- It's tradition to hold a haggis up - Before tucking into the Burn's Night supper of haggis, neeps and tatties, a poem called Address to a Haggis is read out loud to diners before guests tuck into the delicious meal. But the reader of the poem, has a tricky job, as they have to lift the haggis during its final line, being careful not to drop it or get the poem wrong. Poems feature heavily in the celebrations there's even one read out in Scottish, the Selkirk Grace, and this is read out to launch the meal.
- Haggis is not welcome everywhere - it or not, authentic Scottish haggis, which is traditionally eaten on Burns Night is banned from the US. Since 1971 the American Department of Agriculture took issue with one of the key ingredients of haggis - that being the sheep's lung.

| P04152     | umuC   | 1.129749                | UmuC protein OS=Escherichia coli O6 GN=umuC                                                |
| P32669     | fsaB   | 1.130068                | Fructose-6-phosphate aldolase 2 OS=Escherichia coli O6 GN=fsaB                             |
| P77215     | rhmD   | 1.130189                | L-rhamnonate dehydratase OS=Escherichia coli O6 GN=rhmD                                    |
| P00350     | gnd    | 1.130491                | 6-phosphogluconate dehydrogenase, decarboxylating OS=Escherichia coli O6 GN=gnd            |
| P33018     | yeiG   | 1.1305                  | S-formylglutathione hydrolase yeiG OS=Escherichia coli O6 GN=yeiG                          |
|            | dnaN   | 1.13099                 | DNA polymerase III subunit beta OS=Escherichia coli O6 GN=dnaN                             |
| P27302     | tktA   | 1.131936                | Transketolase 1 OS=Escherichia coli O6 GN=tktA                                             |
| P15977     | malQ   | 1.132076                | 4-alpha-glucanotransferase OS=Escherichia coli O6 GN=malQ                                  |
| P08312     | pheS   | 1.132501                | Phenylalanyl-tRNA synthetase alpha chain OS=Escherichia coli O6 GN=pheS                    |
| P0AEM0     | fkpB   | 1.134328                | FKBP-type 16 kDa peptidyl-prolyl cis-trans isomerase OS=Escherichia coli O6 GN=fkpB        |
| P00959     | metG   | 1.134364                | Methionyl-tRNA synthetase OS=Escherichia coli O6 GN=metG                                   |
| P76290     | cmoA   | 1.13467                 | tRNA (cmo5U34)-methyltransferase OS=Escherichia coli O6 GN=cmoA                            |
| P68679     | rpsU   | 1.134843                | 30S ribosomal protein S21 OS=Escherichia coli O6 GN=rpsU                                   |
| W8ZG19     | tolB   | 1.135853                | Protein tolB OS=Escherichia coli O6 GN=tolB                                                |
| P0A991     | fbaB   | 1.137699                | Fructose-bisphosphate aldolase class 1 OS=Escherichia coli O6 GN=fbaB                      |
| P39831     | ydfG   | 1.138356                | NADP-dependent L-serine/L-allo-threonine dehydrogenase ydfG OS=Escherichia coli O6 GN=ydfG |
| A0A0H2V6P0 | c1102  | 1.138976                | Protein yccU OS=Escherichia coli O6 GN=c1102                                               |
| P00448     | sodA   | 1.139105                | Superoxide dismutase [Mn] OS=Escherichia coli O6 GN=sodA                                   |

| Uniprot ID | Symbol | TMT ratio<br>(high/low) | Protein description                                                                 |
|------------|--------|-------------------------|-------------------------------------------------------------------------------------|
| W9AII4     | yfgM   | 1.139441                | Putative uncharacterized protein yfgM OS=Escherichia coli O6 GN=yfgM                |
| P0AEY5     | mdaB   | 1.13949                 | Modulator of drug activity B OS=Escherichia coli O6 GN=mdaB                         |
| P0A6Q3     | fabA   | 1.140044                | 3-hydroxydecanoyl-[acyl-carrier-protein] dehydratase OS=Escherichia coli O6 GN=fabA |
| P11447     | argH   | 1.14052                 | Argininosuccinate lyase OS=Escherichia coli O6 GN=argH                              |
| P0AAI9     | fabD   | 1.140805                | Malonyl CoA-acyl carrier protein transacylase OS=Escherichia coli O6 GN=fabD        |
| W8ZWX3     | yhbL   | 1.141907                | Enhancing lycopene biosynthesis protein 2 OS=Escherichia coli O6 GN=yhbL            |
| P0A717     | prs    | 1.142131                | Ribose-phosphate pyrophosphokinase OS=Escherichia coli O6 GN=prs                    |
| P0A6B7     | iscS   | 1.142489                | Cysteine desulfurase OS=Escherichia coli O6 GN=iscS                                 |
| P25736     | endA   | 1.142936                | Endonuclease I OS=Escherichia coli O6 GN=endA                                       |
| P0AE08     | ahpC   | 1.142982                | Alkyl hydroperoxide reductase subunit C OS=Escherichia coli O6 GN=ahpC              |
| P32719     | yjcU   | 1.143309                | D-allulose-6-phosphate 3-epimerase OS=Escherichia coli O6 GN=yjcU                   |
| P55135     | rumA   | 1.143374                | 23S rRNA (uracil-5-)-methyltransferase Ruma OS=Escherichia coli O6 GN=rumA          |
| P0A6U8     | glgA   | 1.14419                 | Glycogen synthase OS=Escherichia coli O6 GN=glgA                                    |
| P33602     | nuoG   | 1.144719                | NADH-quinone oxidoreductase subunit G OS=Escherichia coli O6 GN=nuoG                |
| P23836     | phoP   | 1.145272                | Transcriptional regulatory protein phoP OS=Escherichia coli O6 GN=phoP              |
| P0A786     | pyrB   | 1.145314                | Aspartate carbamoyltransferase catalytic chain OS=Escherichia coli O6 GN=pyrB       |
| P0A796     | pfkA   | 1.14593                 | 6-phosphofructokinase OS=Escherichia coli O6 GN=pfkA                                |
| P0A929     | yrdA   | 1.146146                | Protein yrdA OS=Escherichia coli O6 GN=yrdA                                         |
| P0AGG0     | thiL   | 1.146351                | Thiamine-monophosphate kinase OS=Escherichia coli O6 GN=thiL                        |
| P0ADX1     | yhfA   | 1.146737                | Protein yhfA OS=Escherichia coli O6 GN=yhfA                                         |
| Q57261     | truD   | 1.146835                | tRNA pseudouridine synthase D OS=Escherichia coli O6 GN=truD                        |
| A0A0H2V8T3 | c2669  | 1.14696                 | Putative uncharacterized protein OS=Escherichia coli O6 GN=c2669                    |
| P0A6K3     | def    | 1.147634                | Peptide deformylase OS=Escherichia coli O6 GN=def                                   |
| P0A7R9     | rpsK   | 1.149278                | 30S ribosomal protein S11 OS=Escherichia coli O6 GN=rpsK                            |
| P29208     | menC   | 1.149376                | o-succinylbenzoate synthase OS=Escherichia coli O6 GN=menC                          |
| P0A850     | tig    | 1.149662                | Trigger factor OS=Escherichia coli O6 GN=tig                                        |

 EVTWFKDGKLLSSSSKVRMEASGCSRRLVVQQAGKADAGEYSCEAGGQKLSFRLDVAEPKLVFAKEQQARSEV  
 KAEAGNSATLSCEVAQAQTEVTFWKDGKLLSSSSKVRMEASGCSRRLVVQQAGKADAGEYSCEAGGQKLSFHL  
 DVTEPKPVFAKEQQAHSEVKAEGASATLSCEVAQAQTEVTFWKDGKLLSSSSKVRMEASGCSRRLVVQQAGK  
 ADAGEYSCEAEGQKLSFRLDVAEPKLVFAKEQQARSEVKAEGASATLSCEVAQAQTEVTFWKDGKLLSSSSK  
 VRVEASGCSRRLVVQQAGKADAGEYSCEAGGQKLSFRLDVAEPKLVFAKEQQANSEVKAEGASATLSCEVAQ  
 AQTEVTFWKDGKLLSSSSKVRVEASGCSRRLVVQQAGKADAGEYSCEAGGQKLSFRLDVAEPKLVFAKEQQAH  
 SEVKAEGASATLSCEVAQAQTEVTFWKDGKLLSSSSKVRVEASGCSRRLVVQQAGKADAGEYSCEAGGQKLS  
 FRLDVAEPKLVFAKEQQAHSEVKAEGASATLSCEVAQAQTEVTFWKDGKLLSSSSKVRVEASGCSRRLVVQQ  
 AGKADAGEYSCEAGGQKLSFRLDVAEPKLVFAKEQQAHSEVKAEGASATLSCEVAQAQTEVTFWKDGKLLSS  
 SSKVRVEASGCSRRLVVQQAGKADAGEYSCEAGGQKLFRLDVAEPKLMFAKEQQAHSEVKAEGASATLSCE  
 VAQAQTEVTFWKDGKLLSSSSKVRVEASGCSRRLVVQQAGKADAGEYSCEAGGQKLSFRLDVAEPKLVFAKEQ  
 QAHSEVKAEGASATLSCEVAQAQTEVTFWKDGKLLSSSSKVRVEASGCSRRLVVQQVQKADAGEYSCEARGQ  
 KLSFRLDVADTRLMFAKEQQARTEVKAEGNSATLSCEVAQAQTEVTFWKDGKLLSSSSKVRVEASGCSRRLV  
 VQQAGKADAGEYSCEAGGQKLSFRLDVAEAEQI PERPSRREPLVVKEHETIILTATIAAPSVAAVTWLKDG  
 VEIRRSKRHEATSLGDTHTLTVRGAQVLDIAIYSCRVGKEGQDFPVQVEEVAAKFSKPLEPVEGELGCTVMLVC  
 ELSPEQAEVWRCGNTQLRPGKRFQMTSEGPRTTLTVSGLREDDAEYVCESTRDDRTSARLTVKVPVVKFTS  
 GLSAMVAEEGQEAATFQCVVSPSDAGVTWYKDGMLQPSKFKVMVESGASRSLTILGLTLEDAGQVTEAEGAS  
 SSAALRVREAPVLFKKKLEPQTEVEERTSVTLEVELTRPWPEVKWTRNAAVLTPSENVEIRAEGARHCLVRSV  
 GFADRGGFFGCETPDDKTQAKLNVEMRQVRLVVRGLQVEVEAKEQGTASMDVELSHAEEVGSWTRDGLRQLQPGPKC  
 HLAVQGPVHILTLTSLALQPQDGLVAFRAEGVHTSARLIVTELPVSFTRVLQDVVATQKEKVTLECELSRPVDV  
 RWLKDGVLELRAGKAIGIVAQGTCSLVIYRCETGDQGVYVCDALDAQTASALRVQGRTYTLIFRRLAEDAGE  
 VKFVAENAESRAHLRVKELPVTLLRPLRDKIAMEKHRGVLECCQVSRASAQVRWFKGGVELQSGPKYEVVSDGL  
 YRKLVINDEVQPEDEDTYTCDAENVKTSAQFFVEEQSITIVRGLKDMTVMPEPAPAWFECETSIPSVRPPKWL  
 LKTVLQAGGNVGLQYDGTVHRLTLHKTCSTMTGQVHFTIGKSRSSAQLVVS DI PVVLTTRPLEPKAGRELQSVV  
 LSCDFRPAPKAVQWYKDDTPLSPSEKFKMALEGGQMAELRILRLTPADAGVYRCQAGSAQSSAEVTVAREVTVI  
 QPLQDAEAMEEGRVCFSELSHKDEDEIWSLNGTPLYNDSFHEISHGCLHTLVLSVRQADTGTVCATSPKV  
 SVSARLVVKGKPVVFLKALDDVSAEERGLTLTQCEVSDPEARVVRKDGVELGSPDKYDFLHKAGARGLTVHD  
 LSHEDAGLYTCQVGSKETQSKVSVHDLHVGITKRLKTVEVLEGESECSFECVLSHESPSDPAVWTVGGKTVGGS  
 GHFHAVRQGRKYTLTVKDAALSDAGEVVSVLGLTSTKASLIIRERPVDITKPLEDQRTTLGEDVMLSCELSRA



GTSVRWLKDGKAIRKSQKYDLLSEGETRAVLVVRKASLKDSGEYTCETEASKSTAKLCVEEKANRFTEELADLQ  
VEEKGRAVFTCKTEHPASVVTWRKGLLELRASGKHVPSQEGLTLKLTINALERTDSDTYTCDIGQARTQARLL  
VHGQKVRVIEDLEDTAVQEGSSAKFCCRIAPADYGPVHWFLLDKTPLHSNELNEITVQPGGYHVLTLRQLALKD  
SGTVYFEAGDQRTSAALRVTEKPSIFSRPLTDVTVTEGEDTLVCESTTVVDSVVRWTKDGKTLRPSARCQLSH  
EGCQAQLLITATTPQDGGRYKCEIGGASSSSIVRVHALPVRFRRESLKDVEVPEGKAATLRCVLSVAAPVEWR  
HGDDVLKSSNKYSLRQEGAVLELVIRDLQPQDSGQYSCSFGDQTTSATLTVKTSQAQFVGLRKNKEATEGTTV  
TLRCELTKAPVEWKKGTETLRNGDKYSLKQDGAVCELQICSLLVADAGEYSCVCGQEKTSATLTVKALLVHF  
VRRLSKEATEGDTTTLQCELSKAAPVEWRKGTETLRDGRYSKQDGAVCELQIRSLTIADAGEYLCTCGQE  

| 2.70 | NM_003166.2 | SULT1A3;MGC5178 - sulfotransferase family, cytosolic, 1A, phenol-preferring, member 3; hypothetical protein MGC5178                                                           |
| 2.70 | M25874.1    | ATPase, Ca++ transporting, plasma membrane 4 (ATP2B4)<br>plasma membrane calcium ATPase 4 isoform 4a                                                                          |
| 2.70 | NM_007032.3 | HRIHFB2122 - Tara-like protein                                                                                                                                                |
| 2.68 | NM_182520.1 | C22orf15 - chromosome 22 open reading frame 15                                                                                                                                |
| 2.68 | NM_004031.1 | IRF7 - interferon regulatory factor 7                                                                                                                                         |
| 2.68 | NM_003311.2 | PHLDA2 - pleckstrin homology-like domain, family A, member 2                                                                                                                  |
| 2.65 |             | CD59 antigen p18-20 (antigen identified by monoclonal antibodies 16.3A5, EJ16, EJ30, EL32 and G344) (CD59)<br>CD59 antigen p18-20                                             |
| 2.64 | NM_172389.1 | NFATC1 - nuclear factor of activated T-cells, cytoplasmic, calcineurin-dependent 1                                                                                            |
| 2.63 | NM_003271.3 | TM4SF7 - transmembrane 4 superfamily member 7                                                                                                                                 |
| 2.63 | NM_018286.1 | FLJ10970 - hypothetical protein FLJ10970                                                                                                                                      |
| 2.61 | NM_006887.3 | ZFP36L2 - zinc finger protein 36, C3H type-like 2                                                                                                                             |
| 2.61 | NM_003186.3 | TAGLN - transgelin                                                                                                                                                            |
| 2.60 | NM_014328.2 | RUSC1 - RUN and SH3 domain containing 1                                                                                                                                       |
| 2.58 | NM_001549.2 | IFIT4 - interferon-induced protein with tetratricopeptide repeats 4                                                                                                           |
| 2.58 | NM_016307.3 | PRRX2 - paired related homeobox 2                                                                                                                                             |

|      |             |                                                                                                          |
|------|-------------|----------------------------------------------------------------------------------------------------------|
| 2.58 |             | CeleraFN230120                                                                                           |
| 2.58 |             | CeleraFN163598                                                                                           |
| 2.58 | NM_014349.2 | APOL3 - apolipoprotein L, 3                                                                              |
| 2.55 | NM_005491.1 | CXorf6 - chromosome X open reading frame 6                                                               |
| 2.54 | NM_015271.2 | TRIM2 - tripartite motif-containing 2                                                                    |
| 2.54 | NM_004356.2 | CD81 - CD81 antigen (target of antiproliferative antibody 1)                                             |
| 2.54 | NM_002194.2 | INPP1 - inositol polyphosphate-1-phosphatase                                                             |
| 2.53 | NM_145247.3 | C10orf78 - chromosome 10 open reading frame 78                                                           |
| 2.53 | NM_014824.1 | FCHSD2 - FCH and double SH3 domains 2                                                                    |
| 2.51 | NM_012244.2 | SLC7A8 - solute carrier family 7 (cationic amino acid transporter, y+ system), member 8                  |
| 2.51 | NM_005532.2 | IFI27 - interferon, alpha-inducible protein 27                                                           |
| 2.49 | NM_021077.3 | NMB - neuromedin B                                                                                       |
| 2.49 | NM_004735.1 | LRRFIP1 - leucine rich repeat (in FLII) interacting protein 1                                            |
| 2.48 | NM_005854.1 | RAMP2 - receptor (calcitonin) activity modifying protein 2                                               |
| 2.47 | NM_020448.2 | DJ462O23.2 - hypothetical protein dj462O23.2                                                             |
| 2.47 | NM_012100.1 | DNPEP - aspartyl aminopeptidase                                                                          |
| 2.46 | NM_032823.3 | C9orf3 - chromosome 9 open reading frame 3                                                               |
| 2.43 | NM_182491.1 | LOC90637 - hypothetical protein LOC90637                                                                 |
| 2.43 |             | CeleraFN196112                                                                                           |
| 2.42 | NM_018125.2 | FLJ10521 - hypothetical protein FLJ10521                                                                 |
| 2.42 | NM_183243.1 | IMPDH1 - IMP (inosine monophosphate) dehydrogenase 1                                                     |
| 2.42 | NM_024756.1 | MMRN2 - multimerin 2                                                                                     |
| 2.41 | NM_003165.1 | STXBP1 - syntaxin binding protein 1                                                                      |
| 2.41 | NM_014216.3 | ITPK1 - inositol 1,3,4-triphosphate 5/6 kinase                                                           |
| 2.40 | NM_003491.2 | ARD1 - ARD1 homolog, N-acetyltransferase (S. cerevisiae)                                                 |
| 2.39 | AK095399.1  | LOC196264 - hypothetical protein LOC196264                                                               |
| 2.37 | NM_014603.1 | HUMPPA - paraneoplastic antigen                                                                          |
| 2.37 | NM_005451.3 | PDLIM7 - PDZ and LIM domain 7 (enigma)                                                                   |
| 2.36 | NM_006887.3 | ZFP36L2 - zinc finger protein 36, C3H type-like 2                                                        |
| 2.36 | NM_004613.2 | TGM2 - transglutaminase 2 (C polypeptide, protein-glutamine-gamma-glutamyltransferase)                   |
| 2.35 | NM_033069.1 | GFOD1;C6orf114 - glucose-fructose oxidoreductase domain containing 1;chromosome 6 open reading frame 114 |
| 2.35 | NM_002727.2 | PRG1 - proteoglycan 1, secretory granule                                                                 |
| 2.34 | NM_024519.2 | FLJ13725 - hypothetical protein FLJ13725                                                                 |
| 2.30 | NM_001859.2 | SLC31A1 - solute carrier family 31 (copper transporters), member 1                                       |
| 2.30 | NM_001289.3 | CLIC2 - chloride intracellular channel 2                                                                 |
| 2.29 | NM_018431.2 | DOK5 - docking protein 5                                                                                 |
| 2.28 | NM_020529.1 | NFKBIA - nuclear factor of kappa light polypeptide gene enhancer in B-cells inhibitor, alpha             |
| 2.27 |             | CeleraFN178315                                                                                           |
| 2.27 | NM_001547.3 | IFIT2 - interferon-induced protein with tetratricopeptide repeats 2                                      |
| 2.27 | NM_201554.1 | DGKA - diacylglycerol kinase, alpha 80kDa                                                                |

In other family news, there's another celebration to add to your calendar next month which is Galentine's Day - the phrase can feel cringe but here are 5 reasons why it's better than V-Day (and the best excuse to meet with mum friends who just get it) and Valentine's Day Origins to learn where the romantic day comes from.
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Selina is a Senior Family Writer for GoodtoKnow and has more than 16 years years of experience. She specialises in royal family news, including the latest activities of Prince George, Charlotte, Louis, Archie and Lilibet. She also covers the latest government, health and charity advice for families. Selina graduated from the University of Sheffield in 2006 with a degree in Journalism, and gained her NCTJ and NCE qualifications. During her career, she’s also written for Woman, Woman's Own, Woman&Home, and Woman's Weekly as well as Heat magazine, Bang Showbiz - and the Scunthorpe Telegraph. When she's not covering family news, you can find her exploring new countryside walking routes, catching up with friends over good food, or making memories (including award-winning scarecrows!)